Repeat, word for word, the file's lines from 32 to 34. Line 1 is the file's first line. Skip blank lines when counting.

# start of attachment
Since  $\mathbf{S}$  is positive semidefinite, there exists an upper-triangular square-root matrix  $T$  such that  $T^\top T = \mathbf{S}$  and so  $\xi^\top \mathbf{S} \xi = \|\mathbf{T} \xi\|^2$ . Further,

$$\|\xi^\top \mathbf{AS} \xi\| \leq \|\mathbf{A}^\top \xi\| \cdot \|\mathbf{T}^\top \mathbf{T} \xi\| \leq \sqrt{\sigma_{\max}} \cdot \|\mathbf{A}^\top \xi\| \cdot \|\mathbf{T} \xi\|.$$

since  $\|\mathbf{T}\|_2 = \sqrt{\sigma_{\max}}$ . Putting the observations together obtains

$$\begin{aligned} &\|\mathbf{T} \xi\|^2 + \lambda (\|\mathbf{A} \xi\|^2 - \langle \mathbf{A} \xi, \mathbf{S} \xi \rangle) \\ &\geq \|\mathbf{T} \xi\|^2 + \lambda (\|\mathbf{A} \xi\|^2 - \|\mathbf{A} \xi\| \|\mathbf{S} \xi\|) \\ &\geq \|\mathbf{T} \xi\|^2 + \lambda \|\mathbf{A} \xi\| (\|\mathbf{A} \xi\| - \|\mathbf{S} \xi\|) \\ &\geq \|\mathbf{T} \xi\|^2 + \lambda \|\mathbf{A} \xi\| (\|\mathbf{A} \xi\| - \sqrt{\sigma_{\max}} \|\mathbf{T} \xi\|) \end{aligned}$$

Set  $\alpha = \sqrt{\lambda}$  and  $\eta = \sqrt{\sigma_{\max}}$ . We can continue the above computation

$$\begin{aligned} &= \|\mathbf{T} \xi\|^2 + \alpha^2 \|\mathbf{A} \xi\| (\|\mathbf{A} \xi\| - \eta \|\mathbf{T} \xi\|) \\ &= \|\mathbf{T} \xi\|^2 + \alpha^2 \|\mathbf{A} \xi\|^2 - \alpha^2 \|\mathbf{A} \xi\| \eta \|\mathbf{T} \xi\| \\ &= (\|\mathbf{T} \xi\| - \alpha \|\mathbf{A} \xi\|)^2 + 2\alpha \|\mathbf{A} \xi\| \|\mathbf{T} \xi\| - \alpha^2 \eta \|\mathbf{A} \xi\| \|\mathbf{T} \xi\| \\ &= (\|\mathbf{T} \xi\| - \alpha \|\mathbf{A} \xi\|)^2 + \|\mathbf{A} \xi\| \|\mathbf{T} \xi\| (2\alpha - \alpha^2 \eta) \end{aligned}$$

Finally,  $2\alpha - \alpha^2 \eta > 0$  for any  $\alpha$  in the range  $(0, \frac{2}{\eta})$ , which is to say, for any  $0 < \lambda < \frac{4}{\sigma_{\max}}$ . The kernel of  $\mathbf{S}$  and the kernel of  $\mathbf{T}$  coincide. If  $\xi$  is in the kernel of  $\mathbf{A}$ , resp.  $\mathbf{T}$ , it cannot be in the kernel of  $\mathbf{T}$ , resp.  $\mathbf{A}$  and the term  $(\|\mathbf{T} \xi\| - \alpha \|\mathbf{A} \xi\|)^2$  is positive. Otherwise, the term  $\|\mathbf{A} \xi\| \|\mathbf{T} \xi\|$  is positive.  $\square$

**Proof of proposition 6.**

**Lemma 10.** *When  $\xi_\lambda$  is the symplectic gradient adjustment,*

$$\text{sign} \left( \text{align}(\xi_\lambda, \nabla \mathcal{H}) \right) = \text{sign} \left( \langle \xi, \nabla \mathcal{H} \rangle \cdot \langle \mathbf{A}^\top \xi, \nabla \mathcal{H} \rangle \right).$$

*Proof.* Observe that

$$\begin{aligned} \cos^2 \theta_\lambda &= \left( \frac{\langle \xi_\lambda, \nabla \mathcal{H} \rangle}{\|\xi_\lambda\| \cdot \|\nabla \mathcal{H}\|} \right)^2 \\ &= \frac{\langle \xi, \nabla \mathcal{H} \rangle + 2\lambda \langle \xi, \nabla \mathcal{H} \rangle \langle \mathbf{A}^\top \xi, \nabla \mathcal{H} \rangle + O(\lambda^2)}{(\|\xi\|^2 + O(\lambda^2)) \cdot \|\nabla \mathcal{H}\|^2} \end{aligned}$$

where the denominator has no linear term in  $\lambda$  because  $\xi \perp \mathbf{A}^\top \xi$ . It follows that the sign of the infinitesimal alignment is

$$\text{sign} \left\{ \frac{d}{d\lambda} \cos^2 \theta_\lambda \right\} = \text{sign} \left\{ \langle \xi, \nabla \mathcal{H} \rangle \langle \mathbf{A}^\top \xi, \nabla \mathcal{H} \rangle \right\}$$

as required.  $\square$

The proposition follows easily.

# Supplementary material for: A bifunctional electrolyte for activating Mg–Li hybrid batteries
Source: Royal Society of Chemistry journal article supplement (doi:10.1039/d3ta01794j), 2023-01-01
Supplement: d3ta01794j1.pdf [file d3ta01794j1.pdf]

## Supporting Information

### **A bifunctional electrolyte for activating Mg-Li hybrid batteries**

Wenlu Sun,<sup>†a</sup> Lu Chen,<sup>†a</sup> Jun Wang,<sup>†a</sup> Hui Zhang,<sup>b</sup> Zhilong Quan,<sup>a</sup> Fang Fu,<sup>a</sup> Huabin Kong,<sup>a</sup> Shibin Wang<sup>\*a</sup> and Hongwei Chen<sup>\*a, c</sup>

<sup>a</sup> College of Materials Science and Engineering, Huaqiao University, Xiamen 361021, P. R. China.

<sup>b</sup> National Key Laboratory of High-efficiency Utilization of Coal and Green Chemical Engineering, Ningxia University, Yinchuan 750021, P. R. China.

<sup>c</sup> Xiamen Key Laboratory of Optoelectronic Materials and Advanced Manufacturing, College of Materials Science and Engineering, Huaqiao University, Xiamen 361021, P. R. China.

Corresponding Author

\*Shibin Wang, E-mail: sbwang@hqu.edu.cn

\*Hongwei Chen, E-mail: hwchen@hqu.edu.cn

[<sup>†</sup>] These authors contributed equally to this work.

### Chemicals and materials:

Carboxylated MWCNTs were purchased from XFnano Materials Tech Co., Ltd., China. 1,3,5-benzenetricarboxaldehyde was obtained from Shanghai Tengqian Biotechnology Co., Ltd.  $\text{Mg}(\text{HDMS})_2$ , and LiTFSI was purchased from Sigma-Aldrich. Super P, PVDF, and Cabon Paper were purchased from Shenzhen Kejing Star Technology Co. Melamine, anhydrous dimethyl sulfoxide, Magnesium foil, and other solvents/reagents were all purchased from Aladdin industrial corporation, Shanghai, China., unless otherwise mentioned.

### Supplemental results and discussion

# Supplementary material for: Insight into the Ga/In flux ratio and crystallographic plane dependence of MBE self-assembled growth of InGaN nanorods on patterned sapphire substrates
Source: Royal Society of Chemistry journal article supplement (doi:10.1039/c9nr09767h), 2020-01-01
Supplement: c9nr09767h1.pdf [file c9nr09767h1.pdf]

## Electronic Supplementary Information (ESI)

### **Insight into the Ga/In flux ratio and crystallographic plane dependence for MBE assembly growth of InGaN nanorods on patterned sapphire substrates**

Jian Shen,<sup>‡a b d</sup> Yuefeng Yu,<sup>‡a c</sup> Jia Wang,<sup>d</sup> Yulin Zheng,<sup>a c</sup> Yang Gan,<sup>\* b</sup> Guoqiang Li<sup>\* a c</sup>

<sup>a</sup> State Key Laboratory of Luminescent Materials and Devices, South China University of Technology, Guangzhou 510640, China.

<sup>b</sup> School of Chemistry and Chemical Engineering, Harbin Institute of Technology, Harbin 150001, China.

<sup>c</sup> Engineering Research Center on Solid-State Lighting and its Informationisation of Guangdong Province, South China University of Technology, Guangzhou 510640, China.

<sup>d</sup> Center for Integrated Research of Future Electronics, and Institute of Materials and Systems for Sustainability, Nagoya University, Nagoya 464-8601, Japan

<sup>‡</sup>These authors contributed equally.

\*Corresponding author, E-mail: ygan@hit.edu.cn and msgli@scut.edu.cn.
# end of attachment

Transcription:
### Supplemental results and discussion

# Supplementary material for: Insight into the Ga/In flux ratio and crystallographic plane dependence of MBE self-assembled growth of InGaN nanorods on patterned sapphire substrates
Source: Royal Society of Chemistry journal article supplement (doi:10.1039/c9nr09767h), 2020-01-01